The day I left India, it was wet outside. The heavy, misty clouds reached down to brush the dusty ground and make it mud. I could see neither the sun nor the road, just the walled-in courtyard of wet dust and two Indian children wielding a plastic jump rope. They were both wearing sandals that clacked against their heels as they jumped to the rhythm of my voice: one, two, three, four, ek, do, teen, chaar. Anshu was wheezing, asthmatic, persistent. We jumped for an hour: ek, do, teen, clack, clack, clack. Incessant puffing, muddy dust.
Most of us spent the morning pretending that nothing was different, but we could feel it like a presence in the air, an undiluted sadness that was most obvious in our smiles. The process of goodbyes started and stopped a thousand times before the bus began its journey. Breakfast was served, the chores were done, our bags were packed, but we were in the kitchen, playing cards and snacking on naan. We took our bags outside and lingered. We loaded our bags in the bus and lingered. We made our way onto the bus and lingered. Then we left. I started to cry as the bus bumped along the pothole-riddled road.
I wore the friendship bracelets on my wrists for as long as I could, but they eventually fell off. People stopped asking me questions about the traffic and the caste system and the food. The jet lag wore off, my stomach adjusted. I started spending more time thinking about prom dresses and college acceptances, but even as the memories lost color, something remained.
I kept thinking about making Asis smile.
He had been a tough nut to crack: a tiny, brooding, angry toddler. He liked to pout—not sad, but unimpressed. We picked him up, spun him around, tickled him, but he would not smile. Sometimes, he would shout at us in Hindi, but the message came through clearly.
His attitude changed when the bubbles came out.
It was a mad frenzy as he leapt after each bubble, wanting to pop them, watching them float away and reflect the red glint of the Indian sun. And his smile shone too, wide, even reaching up to his dark, pondering eyes. His chubby arms swung wildly and his sulking pout disintegrated into giggles.
I kept thinking about dancing with Dhee Raj.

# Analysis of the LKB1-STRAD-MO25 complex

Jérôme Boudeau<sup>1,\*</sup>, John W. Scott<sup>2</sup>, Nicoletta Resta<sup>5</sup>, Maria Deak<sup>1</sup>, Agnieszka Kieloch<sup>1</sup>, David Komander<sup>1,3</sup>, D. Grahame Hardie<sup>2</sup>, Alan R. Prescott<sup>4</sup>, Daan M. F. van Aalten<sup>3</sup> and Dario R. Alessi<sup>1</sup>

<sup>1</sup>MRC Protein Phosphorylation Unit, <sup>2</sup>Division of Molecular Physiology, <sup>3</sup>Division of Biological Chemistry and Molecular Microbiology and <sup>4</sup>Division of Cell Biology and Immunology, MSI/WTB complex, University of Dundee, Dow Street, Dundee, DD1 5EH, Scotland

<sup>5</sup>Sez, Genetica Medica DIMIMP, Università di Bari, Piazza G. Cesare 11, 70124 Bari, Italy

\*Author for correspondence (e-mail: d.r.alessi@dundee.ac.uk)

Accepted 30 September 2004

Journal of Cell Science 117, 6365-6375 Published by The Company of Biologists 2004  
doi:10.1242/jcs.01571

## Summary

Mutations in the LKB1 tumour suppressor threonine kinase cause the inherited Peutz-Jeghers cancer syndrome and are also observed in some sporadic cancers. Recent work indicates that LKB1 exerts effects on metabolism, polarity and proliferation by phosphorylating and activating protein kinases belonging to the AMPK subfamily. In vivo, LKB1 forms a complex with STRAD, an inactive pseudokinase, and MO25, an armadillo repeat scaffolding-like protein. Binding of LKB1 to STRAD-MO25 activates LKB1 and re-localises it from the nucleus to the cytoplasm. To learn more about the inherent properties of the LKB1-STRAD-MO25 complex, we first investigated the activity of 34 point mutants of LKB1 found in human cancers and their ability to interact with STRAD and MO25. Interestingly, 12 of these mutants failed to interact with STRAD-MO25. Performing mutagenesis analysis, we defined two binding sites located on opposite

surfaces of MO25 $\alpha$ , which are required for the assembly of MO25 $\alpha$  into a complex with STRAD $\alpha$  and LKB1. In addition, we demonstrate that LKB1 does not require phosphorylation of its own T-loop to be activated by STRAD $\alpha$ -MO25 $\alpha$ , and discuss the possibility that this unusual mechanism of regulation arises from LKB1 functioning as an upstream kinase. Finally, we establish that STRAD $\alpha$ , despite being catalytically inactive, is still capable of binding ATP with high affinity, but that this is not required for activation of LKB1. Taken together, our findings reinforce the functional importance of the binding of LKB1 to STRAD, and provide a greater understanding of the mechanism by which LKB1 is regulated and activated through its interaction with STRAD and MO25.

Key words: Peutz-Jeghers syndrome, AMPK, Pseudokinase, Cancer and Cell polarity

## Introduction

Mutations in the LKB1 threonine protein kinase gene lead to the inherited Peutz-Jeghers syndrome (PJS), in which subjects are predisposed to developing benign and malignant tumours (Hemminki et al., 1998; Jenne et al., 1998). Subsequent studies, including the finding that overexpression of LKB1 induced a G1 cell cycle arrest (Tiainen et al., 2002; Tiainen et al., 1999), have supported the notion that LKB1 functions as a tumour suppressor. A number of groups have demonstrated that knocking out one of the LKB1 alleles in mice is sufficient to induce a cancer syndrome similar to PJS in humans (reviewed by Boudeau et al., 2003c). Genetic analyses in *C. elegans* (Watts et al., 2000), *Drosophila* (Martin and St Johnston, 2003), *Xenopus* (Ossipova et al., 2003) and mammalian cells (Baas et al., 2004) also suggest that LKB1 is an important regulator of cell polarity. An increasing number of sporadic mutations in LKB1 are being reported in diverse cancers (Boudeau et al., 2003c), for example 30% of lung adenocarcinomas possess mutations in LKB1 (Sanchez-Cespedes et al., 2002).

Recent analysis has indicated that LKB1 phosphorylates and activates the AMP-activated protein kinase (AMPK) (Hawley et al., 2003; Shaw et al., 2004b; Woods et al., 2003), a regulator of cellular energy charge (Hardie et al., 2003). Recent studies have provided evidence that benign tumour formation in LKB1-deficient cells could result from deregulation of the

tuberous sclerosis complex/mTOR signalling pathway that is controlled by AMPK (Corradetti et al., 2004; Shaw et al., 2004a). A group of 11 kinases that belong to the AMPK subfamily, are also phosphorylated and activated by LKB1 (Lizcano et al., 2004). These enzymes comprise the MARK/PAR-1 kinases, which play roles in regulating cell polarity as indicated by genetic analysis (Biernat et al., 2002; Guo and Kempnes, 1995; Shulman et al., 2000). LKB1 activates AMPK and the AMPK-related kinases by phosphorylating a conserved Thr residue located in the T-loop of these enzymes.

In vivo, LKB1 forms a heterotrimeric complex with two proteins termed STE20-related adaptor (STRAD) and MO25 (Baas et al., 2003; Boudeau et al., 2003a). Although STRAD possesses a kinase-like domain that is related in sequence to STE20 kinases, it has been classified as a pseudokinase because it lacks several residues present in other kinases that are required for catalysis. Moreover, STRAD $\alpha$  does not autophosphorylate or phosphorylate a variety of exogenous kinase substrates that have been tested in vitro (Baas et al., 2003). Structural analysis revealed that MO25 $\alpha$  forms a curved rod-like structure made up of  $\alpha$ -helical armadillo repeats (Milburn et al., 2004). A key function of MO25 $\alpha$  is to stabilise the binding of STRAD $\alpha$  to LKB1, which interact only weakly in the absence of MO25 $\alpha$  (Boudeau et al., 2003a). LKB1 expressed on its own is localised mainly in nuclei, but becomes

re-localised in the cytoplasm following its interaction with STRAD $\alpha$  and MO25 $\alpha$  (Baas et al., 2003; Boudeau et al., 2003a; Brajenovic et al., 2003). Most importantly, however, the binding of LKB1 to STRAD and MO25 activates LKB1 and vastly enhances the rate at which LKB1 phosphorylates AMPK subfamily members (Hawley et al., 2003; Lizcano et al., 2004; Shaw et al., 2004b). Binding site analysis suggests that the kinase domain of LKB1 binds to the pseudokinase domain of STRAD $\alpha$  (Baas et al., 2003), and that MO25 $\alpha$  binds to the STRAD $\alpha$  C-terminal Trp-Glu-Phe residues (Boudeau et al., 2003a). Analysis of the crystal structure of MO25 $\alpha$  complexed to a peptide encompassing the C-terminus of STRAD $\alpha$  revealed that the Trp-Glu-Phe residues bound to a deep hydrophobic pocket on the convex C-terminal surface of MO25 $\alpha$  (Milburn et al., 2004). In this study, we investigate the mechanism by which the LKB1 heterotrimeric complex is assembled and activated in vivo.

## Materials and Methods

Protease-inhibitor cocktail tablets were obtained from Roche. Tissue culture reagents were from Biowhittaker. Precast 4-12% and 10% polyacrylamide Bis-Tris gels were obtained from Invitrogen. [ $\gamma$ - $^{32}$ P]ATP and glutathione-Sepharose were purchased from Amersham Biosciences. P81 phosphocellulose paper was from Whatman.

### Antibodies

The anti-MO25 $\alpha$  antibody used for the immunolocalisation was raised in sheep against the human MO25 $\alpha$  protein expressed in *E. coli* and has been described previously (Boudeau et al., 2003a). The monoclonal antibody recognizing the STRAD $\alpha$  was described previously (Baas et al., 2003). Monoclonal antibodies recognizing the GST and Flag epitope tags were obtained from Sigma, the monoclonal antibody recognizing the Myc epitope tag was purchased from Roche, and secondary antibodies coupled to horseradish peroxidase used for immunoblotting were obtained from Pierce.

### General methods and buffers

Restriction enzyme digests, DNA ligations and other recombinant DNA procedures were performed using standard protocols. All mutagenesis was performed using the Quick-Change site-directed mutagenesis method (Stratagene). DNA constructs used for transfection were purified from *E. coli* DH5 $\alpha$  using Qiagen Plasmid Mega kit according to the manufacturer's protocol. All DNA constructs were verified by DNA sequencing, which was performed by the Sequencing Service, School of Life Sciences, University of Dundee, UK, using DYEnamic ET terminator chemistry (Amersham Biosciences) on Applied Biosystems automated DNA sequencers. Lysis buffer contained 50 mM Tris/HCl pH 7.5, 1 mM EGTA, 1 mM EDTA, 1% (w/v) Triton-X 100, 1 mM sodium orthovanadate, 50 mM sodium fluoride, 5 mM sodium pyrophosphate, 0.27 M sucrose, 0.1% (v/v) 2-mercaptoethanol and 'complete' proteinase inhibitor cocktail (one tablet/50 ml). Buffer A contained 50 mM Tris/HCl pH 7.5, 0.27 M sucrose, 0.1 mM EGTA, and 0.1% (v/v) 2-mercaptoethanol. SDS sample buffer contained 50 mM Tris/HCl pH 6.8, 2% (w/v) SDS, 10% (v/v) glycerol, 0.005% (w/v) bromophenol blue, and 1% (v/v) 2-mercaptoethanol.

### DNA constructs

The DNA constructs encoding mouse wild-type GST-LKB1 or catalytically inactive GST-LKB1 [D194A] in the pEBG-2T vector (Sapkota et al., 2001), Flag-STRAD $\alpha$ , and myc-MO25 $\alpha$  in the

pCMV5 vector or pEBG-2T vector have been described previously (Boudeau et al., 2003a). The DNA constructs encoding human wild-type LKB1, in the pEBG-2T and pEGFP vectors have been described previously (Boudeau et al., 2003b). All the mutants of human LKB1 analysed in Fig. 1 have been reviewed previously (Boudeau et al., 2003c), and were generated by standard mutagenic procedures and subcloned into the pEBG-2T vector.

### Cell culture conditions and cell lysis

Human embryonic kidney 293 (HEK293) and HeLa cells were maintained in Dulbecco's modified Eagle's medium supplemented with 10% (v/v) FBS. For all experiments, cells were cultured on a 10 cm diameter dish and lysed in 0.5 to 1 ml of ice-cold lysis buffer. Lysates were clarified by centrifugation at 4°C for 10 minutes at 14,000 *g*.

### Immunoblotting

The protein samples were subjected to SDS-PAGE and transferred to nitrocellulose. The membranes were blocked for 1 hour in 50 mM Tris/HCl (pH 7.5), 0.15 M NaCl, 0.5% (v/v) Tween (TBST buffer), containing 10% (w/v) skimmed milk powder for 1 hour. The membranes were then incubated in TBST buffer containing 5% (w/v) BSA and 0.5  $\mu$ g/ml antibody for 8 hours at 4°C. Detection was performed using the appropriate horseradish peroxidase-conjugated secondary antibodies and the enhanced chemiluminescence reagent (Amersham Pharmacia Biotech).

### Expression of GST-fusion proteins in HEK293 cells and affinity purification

That skinny little kid could move, sauntering across the room, thrusting his hips, mouthing the words of his favorite songs. Some of the other boys had told me without hesitation that he was the number two dancer at the boys’ home, second only to the legendary Abishek. Dhee Raj called me “dancer” because I liked to dance too. “Hello, dancer!” “Morning, dancer!” “How are you, dancer?” I replied in kind.
Dhee Raj was shy, but his self-consciousness was overpowered by irrepressible joy whenever he danced. He transformed into the cockiest little ten-year-old in all of Allahabad, but when he realized that everyone was watching him, he stopped awkwardly and laughed.
I kept thinking about what it all meant.
Why did I go to India? Was it to help people? Because that’s not really what I did. I had brought a duffle bag full of Band-Aids and aspirin, but otherwise, I just played catch. I’m pretty sure the Great Commission doesn’t command followers of Jesus to play catch, so why did it feel like the ultimate expression of my faith? Why did it feel like the most worthwhile thing I had ever done? Since when did playing outside become a spiritual experience? I didn’t know, but I couldn’t deny that something had changed.
There’s just something about it– traveling across the world to spend time with strangers, immersing yourself in a new culture, being pushed to find ways to communicate that don’t involve language. There’s something about playing cricket in a courtyard and blowing bubbles in the kitchen, something about dancing on linoleum floors that reminds you that the Kingdom of God is here. I felt it in the way Ranjeet said my name, slow and deliberate, the texture of his voice like marbles in his mouth. I felt it when Shubas taught me how to ask for a hug in Hindi, and I felt it when Abishek beat me at tic-tac-toe.
I know now that it’s love. Love unconditional, without barriers or tests or doubts or faults. It’s love that embraces differences, celebrates them and revels in them. It forgets time or place, ignores the impending goodbye, is deeply and utterly present. Love like Dhee Raj loves dance. I loved those boys from the moment I met them, and I didn’t know them. I didn’t know their names or their personalities or their favorite foods, and yet I loved them, from the spot behind my heart. I still do. I had never experienced love like that before.
I kept thinking about the bracelet that Anurag gave me, woven out of pink and blue. I kept thinking about Golshan’s hiccoughing laugh. I kept thinking about incessant tickling and Salindra’s smile, about hand-me-down jackets and cricket bats. I kept thinking about sitting on the roof of a chicken coop at sundown, listening to Shubas sing a song I couldn’t understand and falling in love with each of those moments in turn.
Kelsey Blois is a prolific writer for her age. She is a student at Westmont College getting a degree in history. Kelsey is also a Harry Potter fanatic and an accomplished knitter. Photo by Annie Hasserjian.